Diversity in early New Guinea pottery traditions

north coast ceramics from Lachitu, Taora, Watinglo and Paleflatu


  • Phillip Beaumont School of Archaeology and Anthropology, Australia National University
  • Sue O'Connor Archaeology and Natural History, ARC Centre of Excellence for Australian Biodiversity and Heritage, Australia National University
  • Mathieu Leclerc Archaeology and Natural History, Australian National University
  • Ken Aplin Archaeology and Natural History, Australian National University


The initial appearance of pottery on mainland New Guinea has been an elusive and sometimes controversial topic. A range of factors contribute to this conundrum including landscape transformation and disturbance where relevant archaeology may be undetectable, or misinterpreted, and a lack of sound evidence from various sites that could facilitate comparative analysis. Moreover, the preeminence of the Lapita pottery sequence and its clear dispersal model has set expectations and perceptions concerning the oldest known pottery on New Guinea, which sometimes has resulted in scanty finds being interpreted on a prioriconceptual grounds rather than according to substantive or direct local evidence. Presented here is a catalogue of pottery recovered in 2004-05 from Lachitu, Taora, Watinglo and Paleflatu. These co-located north coast Papua New Guinea (PNG) sites provide material where the issues of chronostratigraphic integrity are directly confronted. Pottery from Lachitu and Taora was previously claimed as among the earliest ceramics on mainland PNG. However, the dating of results presented in this study suggests a more recent context for the introduction and manufacture of pottery, with a variety of diagnostic attributes pointing to a complex involvement of diverse peoples.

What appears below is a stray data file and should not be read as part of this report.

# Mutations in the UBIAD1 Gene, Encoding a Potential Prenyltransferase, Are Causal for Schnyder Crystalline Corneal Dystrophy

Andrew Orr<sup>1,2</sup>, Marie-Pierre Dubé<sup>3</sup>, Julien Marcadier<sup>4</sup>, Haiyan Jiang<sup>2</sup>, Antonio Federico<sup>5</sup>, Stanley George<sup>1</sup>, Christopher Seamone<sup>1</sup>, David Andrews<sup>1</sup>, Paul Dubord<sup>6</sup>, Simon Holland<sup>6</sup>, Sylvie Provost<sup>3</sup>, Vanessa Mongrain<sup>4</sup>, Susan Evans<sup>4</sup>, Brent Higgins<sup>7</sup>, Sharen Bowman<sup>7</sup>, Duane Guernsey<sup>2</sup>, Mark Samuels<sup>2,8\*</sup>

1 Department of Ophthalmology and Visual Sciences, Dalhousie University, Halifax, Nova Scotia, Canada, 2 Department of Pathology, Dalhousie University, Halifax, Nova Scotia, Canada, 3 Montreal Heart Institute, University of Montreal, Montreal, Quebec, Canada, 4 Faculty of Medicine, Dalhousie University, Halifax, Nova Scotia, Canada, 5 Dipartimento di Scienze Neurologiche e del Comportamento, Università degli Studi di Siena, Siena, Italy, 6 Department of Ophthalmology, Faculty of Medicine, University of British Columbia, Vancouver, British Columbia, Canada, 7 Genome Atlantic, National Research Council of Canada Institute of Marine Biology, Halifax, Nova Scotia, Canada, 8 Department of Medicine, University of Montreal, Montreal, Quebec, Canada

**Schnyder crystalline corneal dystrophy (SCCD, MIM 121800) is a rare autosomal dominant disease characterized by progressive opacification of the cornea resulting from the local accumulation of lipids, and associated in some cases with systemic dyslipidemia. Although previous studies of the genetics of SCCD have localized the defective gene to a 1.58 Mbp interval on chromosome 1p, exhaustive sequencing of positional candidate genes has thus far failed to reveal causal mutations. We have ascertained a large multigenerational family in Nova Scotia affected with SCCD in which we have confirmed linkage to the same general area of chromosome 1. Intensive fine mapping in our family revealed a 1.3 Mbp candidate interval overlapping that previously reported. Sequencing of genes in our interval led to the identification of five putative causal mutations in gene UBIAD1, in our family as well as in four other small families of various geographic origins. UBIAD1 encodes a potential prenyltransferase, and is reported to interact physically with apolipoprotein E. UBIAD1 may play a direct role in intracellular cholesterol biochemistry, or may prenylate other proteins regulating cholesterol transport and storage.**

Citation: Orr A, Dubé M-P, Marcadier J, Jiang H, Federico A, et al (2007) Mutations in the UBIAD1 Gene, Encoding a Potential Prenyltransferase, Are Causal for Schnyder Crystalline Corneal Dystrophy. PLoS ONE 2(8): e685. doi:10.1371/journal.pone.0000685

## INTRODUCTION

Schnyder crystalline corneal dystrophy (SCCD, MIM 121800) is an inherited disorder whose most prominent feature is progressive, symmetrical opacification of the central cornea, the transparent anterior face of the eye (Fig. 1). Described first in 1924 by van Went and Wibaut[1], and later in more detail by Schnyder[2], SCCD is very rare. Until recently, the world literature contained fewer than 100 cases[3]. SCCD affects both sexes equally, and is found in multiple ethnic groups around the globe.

How to Cite

Beaumont, P., O’Connor, S., Leclerc, M. and Aplin, K. (2018) “Diversity in early New Guinea pottery traditions: north coast ceramics from Lachitu, Taora, Watinglo and Paleflatu”, Journal of Pacific Archaeology, 10(1), pp. 15–32. Available at: https://pacificarchaeology.org/index.php/journal/article/view/268 (Accessed: 22 June 2024).




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